Covid-19 has upended daily life in much of the world for so long that the idea of traveling to another country or state seems like the stuff of dreams. But in the last week or so, as the idea of opening up to travelers has gained traction, some countries are taking concrete steps. Yesterday, Australia announced a three-stage plan to reopen the economy, which includes a focus on tourism. And some countries are forming regional alliances designed to minimize the risk of the virus, including an Australia-New Zealand travel “bubble,” and, in Europe, a travel “corridor” shared by Estonia, Latvia and Lithuania.
But for many places, international flights carrying leisure travelers remain on hold or are banned outright, and the process of reopening remains speculative. The focus, instead, is on internal tourism, to be followed at some point by foreign tourism.
Here is a look at 10 top tourist destinations and the beginnings of their plans for reopening in the weeks and months ahead.
Australia and New Zealand
On May 8, Prime Minister Scott Morrison of Australia announced a three-step plan for reopening, in which the country will gradually take steps to resume normal life. The third and final step of that plan includes the trans-Tasman “bubble,” which will eventually allow for travel between Australia and New Zealand. The alliance, in addition to geographic proximity, stems from their similarly successful handling of Covid-19 — both countries continued to report low total case numbers, deaths and growth rates (New Zealand has declared the coronavirus “eliminated,” meaning the small number of new cases can all be tracked and traced).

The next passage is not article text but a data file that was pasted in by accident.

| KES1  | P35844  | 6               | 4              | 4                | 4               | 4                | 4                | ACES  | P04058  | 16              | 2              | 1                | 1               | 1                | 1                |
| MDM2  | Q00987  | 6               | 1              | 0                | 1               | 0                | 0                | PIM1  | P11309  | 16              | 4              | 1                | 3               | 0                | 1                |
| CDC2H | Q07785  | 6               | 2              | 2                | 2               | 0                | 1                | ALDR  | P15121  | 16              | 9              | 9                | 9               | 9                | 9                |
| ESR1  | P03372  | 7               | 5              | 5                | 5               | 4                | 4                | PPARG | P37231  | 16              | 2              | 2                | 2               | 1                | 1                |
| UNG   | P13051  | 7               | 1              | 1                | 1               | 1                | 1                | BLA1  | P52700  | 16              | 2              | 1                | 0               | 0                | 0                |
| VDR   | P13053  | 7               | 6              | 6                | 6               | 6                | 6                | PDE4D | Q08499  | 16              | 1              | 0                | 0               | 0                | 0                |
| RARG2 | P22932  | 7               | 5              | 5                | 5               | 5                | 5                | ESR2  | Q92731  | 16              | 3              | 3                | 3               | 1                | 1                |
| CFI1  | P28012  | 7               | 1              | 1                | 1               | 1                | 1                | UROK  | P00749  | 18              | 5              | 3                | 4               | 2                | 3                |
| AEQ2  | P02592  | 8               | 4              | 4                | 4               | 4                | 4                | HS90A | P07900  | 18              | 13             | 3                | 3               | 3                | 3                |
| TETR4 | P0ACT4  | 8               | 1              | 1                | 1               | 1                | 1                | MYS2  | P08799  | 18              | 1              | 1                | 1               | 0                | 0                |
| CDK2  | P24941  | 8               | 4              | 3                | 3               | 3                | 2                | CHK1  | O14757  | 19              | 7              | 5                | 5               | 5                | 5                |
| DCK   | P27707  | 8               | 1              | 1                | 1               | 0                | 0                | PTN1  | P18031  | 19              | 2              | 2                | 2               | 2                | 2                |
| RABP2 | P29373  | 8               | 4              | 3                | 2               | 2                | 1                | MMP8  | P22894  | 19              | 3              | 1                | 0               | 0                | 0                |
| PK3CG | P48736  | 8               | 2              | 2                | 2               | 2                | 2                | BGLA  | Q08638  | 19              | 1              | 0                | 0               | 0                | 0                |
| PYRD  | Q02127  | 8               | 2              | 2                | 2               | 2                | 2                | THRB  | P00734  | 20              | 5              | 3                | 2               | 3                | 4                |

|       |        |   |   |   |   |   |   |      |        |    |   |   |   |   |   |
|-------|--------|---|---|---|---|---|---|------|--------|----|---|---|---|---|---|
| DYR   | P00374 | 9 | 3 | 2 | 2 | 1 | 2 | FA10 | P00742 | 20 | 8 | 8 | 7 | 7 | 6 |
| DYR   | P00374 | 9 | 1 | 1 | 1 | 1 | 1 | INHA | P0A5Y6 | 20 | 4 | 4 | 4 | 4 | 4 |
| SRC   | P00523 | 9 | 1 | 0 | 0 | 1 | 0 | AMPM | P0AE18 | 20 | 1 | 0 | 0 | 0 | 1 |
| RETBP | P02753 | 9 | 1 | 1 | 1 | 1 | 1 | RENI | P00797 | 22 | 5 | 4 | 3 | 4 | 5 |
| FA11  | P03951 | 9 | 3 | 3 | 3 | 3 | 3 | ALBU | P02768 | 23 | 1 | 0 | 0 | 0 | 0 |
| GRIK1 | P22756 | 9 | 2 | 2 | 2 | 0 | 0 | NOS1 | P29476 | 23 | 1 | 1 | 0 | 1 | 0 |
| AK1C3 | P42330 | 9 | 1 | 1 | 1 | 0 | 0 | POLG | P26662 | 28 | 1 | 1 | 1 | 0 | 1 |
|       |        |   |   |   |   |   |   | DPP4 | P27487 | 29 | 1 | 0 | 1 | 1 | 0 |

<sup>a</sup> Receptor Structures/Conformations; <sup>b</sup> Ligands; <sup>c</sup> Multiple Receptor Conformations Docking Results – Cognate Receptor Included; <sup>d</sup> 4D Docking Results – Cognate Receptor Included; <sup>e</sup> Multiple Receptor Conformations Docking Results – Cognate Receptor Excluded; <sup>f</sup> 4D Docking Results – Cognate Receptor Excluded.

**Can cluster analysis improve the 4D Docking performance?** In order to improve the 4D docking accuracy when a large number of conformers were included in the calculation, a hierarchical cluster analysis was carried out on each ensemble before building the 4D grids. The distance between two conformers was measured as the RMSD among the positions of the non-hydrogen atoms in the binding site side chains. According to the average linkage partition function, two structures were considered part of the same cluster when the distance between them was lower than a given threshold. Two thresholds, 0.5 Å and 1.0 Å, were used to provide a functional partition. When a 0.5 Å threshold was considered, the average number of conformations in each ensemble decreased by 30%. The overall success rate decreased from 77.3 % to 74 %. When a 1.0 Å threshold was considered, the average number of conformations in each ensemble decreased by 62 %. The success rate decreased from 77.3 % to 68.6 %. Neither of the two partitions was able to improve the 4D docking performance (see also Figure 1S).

Is there an opening date? On May 7, Jacinda Ardern, the prime minister of New Zealand, announced the possibility of reducing the country’s lockdown measures to “Level 2” as soon as next week, pending cabinet approval. This would allow many Kiwis to go back to work, visit friends and family, and for businesses like markets, museums and dine-in restaurants to reopen, provided social distancing and hypervigilant hygienic practices are followed. Travel within the country will be allowed.
What are the current restrictions? New Zealand and Australia have both shut their borders to all international travel and non-residents, in addition to greatly restricting movement within the countries themselves. The countries have since begun to slowly open up; in New Zealand, that’s meant allowing outdoor exercise, small family gatherings and takeout and delivery service at restaurants and cafes.
In Australia, restrictions vary by state — in New South Wales, for example, cafes and restaurants are open for takeout only, gatherings in public places are limited to two people and parklands are open for socially distant exercise. Disobeying current rules is considered a criminal offense and can lead to fines or imprisonment.
Australia’s stage one allows a gradual reopening of retail stores, parks and outdoor sporting facilities. Dine-in restaurants and cafes can reopen, but are limited to 10 patrons at a time, and social distancing of four square meters per person. Hotels and hostels may reopen and travel within states will be allowed, though state borders will likely remain closed. All reopening timelines will be determined by individual states and territories — currently, Queensland plans to begin its stage one May 15 and Tasmania on May 18.
As of now, there is no firm date for the proposed trans-Tasman Bubble, or for more advanced phases of opening in both countries. Per Prime Minister Morrison’s recent remarks, he is hopeful that Australia will reach its third phase, which may include trans-Tasman travel, by July. When travel within the trans-Tasman Bubble has been deemed safe, both nations are interested in potentially expanding to include other Pacific island countries.
How will they open safely? When trans-Tasman travel is allowed, it’s likely that a 14-day quarantine will be required following any travel between the two nations.